When you find out your child needs surgery the heartbeat of worries merges with practical preparation and to do’s. Here are tips from my Mom experience ranging from simple outpatient surgery of ear tubes, tonsils and adenoids to an extensive birth defect repair that involved a week long stay in PICU (pediatric intensive care).
Preparing and Supporting Your Child
Think about what you will tell your child in preparation for the surgery based on their age, personality, and what their level of wellness and awareness is. Explain in a simple, age appropriate way that they will be going to the hospital so the doctor can fix a problem. Your doctor and hospital may have suggestions. Many children’s hospitals allow you to take your child for a brief visit to see what it looks like ahead of time. Think through whether that is likely to help or if it might raise anxiety.
My son was two years old when we found out about his life threatening birth defect that needed to be repaired as quickly as possible. We used some books like Curious George Goes to the Hospital to discuss the basic concepts with him. We told him he would feel yucky for a while afterwards but then his ouchy would be all fixed. My mother got him kid sized doctor’s medical scrubs which he used along with his pretend doctors kit before and after to express himself.
If your child will be staying overnight in the hospital, I strongly recommend an adult staying with your child if at all possible. In addition to being comforting and reassuring to your child, it is difficult for hospital staff, however well meaning, to stay on top of the special needs your child has when caring for multiple children. Most children’s hospitals encourage this now and have facilities set up to accommodate an adult staying over.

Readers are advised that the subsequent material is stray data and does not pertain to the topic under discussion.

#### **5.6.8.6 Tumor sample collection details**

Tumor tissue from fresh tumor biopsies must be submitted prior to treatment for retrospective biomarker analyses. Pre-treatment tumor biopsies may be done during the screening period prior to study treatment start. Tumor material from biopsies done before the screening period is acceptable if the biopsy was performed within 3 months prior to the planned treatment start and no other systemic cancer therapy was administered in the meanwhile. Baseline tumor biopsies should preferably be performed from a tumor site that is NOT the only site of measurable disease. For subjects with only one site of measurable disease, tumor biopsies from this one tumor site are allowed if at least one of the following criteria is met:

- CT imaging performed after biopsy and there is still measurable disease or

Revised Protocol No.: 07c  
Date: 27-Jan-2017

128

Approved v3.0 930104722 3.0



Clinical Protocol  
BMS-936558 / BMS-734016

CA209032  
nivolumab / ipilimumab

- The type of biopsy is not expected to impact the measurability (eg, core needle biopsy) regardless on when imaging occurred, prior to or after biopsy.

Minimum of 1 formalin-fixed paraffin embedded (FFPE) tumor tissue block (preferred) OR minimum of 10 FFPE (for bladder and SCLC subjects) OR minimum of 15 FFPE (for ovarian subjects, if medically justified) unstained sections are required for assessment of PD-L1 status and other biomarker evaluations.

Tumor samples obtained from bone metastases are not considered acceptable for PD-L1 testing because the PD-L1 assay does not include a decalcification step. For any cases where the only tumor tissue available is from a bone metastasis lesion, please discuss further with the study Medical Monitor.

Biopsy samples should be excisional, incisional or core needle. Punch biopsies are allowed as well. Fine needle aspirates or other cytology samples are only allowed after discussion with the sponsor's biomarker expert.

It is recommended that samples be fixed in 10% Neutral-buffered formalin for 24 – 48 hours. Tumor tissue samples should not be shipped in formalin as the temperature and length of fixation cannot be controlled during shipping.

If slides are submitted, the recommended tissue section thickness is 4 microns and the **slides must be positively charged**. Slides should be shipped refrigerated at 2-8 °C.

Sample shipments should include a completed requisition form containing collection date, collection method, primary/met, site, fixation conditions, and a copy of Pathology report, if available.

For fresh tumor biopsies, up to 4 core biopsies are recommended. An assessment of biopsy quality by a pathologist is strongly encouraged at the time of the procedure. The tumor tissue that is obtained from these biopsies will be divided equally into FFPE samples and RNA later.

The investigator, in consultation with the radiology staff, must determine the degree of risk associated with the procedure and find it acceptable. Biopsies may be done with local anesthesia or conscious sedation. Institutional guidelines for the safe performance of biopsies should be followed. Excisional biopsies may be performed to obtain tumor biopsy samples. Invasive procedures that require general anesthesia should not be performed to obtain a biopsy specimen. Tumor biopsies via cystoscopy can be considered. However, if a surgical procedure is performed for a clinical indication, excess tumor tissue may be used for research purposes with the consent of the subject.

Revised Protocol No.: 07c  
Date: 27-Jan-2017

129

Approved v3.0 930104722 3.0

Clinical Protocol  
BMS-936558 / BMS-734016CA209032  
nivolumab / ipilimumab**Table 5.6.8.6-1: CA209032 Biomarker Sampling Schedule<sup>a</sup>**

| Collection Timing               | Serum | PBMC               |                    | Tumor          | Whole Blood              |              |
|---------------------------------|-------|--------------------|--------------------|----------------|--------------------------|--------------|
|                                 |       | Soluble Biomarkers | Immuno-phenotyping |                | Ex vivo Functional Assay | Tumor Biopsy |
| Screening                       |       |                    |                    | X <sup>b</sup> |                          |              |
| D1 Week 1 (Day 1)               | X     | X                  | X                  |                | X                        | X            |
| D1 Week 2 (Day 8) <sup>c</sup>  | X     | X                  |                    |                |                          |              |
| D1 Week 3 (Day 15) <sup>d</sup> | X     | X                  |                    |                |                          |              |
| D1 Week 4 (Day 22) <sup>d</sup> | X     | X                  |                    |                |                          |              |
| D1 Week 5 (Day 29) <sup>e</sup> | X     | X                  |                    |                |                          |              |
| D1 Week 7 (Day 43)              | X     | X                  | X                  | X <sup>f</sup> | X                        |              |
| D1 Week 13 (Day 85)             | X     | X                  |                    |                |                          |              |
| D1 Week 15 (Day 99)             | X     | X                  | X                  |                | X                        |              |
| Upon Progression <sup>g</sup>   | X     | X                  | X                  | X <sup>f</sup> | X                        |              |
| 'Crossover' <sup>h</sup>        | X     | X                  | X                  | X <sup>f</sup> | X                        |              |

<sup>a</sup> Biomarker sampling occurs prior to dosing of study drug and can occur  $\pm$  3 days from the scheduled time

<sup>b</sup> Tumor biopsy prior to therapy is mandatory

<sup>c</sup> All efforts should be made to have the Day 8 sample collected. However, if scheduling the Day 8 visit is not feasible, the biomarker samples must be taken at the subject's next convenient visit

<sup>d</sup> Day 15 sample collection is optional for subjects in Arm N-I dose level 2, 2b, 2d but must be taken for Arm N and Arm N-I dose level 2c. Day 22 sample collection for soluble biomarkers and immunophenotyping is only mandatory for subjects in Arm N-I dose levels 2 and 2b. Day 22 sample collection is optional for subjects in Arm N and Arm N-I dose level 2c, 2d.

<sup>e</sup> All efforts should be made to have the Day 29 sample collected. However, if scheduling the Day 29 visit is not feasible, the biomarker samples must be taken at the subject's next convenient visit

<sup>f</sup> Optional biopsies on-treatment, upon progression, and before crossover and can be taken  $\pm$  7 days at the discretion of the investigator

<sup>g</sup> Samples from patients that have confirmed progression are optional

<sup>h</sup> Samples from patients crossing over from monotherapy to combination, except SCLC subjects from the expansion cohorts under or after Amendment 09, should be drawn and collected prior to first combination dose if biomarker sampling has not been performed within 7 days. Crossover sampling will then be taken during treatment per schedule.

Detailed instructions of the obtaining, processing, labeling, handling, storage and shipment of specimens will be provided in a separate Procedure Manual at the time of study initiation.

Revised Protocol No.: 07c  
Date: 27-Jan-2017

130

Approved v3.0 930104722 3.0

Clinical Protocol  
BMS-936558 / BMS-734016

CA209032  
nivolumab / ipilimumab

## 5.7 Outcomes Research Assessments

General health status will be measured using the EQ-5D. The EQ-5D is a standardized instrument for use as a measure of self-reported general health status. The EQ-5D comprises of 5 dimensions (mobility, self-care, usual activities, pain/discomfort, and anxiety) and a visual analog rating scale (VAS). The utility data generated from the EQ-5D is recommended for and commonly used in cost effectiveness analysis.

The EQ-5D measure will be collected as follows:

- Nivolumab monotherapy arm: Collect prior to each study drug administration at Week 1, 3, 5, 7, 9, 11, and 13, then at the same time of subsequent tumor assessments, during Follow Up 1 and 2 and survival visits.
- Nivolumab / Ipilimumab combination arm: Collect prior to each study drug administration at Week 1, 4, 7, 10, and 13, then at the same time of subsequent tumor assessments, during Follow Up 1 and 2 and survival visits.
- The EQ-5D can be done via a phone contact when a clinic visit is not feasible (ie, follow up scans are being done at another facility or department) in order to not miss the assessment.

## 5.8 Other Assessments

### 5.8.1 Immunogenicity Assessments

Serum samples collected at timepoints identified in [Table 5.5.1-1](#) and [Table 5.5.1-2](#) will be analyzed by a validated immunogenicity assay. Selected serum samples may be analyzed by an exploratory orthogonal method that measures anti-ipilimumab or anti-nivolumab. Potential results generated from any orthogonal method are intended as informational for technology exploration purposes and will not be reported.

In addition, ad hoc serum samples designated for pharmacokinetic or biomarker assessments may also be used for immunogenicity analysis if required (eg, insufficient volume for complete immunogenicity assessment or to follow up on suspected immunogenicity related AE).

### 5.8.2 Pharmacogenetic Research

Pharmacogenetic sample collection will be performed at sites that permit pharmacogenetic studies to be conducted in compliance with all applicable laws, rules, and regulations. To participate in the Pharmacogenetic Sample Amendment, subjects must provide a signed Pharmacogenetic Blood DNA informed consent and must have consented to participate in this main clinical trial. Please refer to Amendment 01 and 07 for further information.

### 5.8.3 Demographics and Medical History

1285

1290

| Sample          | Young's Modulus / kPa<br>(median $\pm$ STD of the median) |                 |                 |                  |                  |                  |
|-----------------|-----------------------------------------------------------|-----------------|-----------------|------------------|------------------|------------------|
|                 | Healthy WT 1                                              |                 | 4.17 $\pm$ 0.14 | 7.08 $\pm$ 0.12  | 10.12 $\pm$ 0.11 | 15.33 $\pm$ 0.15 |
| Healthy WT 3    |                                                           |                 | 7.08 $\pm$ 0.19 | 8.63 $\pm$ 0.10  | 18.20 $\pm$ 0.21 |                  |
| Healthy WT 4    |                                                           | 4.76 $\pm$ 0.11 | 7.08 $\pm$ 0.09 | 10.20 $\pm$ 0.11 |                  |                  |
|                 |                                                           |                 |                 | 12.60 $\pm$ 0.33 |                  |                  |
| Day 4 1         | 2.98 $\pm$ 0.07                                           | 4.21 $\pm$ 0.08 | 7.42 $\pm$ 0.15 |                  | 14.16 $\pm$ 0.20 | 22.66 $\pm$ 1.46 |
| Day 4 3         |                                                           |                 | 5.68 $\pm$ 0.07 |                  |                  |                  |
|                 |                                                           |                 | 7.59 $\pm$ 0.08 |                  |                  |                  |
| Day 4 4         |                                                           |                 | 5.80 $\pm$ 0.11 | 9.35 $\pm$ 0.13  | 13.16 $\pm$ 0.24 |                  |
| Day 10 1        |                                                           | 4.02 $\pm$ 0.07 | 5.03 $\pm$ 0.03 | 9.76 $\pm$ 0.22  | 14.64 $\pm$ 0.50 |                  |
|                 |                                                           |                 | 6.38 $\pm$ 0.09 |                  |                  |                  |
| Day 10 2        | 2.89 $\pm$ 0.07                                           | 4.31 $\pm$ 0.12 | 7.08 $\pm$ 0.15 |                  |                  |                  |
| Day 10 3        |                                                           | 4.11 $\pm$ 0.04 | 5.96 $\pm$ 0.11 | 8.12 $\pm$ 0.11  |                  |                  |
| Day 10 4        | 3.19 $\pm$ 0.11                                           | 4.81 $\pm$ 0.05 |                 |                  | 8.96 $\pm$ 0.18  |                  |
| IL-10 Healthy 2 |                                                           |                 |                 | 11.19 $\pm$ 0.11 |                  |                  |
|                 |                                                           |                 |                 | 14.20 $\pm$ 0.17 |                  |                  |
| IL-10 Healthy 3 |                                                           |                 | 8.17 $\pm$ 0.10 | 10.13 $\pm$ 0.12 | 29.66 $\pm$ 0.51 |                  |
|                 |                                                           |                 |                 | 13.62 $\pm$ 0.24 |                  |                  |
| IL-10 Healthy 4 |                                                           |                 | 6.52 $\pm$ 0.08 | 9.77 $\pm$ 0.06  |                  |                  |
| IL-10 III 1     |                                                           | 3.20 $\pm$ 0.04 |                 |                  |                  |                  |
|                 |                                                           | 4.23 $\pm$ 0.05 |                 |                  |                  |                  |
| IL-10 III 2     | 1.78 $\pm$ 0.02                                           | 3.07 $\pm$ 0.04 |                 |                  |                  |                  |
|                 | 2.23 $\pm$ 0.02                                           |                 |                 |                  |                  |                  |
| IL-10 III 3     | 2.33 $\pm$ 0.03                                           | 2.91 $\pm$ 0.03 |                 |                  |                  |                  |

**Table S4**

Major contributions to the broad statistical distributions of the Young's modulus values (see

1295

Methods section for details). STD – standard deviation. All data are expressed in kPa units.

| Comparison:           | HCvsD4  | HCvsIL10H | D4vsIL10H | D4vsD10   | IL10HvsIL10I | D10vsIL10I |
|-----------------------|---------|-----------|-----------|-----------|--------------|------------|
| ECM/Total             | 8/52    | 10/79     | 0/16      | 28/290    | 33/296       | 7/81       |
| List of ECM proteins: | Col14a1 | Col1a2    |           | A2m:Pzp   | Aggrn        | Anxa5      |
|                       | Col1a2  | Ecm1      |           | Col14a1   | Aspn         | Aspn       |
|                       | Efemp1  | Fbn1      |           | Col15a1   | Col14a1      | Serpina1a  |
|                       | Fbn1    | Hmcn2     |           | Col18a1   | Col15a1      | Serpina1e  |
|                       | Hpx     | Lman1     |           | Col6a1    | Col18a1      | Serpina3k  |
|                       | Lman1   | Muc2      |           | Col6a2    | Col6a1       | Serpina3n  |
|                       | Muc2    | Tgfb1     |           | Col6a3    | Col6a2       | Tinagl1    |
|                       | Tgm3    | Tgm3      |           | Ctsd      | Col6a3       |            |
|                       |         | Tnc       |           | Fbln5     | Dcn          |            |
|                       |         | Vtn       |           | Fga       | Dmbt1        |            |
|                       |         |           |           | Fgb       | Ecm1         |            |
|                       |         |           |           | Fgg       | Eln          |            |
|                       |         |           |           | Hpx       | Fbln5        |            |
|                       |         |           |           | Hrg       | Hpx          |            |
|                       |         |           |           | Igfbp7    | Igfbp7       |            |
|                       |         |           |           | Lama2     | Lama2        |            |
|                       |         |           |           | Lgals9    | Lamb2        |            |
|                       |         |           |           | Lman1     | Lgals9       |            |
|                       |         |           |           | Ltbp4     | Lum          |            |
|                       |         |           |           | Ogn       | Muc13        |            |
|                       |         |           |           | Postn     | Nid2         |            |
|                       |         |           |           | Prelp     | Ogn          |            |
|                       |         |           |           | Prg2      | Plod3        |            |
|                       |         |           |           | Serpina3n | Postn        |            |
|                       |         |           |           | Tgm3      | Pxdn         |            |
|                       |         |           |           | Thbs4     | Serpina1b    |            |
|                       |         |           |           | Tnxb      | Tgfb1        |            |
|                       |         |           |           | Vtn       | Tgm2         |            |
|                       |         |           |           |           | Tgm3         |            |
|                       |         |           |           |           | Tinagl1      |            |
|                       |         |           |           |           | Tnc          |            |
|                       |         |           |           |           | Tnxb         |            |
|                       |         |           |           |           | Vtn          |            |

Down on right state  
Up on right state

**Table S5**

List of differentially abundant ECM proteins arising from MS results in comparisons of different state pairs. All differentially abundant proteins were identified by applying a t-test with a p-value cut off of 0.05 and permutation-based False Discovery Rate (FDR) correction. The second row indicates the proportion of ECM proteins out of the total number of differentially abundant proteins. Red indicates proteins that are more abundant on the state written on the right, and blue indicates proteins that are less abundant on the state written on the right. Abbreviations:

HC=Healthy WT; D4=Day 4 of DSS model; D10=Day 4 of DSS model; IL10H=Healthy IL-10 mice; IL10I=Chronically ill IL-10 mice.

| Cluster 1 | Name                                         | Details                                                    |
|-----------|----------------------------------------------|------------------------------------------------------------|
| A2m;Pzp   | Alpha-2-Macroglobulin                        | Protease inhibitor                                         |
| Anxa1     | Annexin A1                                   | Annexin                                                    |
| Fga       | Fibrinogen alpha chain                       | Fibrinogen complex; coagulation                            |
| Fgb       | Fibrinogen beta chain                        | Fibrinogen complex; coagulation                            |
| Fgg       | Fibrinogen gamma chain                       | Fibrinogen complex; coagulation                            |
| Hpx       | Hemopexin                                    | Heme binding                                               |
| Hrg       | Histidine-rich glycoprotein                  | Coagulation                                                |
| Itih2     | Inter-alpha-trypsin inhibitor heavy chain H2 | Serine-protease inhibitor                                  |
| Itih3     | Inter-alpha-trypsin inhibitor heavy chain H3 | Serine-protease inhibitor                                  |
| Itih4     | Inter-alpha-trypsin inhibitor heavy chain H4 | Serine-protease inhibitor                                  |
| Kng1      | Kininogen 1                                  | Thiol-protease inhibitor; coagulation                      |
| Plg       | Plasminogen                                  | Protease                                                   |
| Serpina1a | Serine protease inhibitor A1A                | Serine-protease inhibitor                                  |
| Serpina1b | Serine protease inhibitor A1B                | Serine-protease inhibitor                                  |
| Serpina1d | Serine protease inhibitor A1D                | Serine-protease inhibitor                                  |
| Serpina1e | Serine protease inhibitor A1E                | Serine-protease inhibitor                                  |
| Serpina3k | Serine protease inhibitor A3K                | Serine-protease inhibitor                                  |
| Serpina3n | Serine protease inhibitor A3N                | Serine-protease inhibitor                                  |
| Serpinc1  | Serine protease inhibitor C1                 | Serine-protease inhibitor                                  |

Think about what the experience will be like for your child and how you can ease their discomfort. For example, you might discuss with your doctor when an I.V. is inserted and ask if there are options such as them falling asleep with a gas mask or the nurse using “magic spray” e.g. numbing agent first.
If your child has special needs such as sensory issues or speech challenges, think through how that might impact their reaction to the hospital experience. Discuss the issues with your regular therapists and the hospital to see how they can help with your child’s experience.
Be prepared that after surgery and in the weeks of recovery to come, your child’s mood may vary. Children can heal so quickly but they are likely to tire out faster, get frustrated quicker, and depending on their age and personality may express anger. It’s important to let them express their feelings. Some time with friends and family who are especially great with kids and have a good sense of humor can be a lifesaver. In some situations, a couple of sessions with a pediatric psychologist or counselor may be helpful.
If you have other children, plan for their care, how you will explain the situation to them, and give them whatever support and time you can in tandem with your sick child. See below for ideas for setting up your support team of friends and family who can help.
Medical care and health insurance